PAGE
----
Residents give positive feedback on Wild Life festival

Feedback from residents at a public meeting following the Wild Life Festival was overwhelmingly positive, as attendees praised the event for '˜getting Shoreham in the news for all the right reasons'.

Tuesday, 27th June 2017, 9:14 pm
Updated Tuesday, 18th July 2017, 8:25 am
Thousands attended Wild Life festival

Wild Life was held at Shoreham Airport on the second weekend of June for the third consecutive year.

Festival organisers Andrew Cerrone and Richard Black, of SJM Concerts, met with residents on Thursday evening (June, 22) at the Shoreham Centre to discuss this year’s festival and hear how future events could be improved.

Mr Cerrone said: “It’s nice to hear all the feedback. We are doing something right.”

Anita Johal, who attended the festival, said: “I thought it was brilliant.

“I didn’t see anything other than positivity.

“It was great kids having a great time.”

She added that she felt it was ‘really safe’ for her 14-year-old daughter to ‘go off on her own’.

Father Dean Wilson, who attended for one day, said he was ‘really impressed’ by the way the festival was run.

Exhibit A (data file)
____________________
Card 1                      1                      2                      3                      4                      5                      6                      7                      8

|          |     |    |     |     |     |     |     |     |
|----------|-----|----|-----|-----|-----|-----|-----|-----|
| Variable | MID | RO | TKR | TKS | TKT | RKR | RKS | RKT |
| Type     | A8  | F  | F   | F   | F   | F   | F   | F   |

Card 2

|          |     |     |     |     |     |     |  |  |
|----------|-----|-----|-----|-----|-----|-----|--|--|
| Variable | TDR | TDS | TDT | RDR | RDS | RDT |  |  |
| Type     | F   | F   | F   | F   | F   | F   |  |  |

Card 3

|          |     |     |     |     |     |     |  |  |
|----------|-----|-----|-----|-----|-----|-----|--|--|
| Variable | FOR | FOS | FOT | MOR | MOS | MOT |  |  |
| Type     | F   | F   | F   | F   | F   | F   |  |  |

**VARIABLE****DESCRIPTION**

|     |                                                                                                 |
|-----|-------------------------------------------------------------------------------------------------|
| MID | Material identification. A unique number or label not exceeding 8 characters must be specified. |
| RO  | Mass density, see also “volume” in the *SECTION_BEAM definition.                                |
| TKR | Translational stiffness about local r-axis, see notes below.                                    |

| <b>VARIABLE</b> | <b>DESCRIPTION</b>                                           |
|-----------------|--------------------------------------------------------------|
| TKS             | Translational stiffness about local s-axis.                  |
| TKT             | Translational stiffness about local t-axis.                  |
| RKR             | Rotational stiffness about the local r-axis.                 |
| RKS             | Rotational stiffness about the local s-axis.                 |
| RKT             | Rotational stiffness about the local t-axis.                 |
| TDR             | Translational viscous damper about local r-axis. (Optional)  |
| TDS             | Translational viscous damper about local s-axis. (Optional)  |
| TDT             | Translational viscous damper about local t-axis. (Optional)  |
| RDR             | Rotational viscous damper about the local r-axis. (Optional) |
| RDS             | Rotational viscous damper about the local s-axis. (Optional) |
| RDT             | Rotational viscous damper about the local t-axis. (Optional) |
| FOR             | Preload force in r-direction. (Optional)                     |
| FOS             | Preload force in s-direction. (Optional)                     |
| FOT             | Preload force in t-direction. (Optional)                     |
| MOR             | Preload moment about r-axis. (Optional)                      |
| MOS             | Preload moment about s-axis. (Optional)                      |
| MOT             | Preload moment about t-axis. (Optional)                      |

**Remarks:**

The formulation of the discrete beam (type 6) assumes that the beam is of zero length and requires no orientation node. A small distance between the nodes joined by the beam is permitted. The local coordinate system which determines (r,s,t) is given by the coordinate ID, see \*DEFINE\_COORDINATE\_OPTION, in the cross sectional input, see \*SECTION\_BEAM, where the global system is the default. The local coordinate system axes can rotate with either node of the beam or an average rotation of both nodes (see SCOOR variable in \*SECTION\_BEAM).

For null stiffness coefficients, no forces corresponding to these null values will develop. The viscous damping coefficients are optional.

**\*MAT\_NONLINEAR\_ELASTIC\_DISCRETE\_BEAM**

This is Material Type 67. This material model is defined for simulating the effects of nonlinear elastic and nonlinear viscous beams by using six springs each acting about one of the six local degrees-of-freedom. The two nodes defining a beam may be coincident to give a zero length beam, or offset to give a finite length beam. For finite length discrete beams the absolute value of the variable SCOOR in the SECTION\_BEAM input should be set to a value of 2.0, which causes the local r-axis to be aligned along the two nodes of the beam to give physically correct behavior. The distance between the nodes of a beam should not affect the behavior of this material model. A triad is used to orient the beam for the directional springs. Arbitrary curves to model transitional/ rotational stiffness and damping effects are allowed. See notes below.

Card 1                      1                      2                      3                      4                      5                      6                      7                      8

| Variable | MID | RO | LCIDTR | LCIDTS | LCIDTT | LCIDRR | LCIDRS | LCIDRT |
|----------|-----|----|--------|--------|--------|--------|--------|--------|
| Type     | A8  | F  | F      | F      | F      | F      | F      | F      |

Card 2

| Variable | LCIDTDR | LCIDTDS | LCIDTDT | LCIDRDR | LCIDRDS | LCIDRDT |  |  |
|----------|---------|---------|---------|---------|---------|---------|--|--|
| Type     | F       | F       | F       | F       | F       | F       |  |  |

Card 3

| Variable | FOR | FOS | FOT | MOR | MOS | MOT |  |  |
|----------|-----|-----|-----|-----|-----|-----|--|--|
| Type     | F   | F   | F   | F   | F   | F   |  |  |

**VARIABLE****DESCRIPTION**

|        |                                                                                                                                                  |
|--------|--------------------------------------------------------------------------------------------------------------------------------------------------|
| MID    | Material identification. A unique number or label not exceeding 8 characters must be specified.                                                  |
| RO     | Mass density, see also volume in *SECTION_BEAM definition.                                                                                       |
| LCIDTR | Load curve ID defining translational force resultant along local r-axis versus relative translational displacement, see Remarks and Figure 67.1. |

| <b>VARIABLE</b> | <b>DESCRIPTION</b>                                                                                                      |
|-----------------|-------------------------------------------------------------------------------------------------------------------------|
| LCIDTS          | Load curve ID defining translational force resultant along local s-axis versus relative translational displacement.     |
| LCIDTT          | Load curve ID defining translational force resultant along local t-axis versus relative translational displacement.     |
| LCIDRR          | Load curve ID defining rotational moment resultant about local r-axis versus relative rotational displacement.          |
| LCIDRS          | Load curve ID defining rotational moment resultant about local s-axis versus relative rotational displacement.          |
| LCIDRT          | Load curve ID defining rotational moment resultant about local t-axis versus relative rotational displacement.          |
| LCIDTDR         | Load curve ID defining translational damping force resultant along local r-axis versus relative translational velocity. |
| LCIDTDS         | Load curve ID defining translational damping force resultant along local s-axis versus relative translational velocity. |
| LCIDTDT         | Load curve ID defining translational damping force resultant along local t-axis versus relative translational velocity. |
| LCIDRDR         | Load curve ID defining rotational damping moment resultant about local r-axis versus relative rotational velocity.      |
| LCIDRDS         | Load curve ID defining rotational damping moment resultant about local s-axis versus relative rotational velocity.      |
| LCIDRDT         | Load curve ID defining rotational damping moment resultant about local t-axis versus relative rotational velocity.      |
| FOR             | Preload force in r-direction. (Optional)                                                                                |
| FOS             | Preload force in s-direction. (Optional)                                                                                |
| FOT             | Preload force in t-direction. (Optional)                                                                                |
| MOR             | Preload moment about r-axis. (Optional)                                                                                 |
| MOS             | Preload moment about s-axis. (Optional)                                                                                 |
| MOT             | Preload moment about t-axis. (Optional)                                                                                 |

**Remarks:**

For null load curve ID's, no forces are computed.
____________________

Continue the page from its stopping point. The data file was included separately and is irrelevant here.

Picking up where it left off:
“I was surprised by the lack of litter coming out of the festival site,” he said.

However, he did raise a complaint – echoed by others – about the guarding of the fence enclosing the festival.

He said he saw ‘a bunch of guys jumping over and disappearing into the crowd’.

“That shouldn’t be such a hard perimeter to police,” he said, adding that it particularly concerned him considering the event’s timing was ‘so close to Manchester and other recent events’.

But he added: “That was my only negative experience in three years.”

Mr Cerrone told residents the fence had been slightly higher in the previous two years and assured the issue would be looked into for next year’s festival.

While feedback was generally positive, some brought serious concerns to the meeting.

One resident, who lives close to the festival, complained of having to clear litter from her doorstep, which she said included used condoms and broken glass, before it could be found by her young children and dogs.

“For anyone who lives in the vicinity it was a living nightmare,” she said.

Yet David O’Connell, manager of the Shoreham Allstars who performed at the festival, told organisers he also lived nearby and said: “I didn’t see anything like that.”

He said the Allstars and their families thoroughly enjoyed the event, adding: “From our point of view, it was the best run yet.”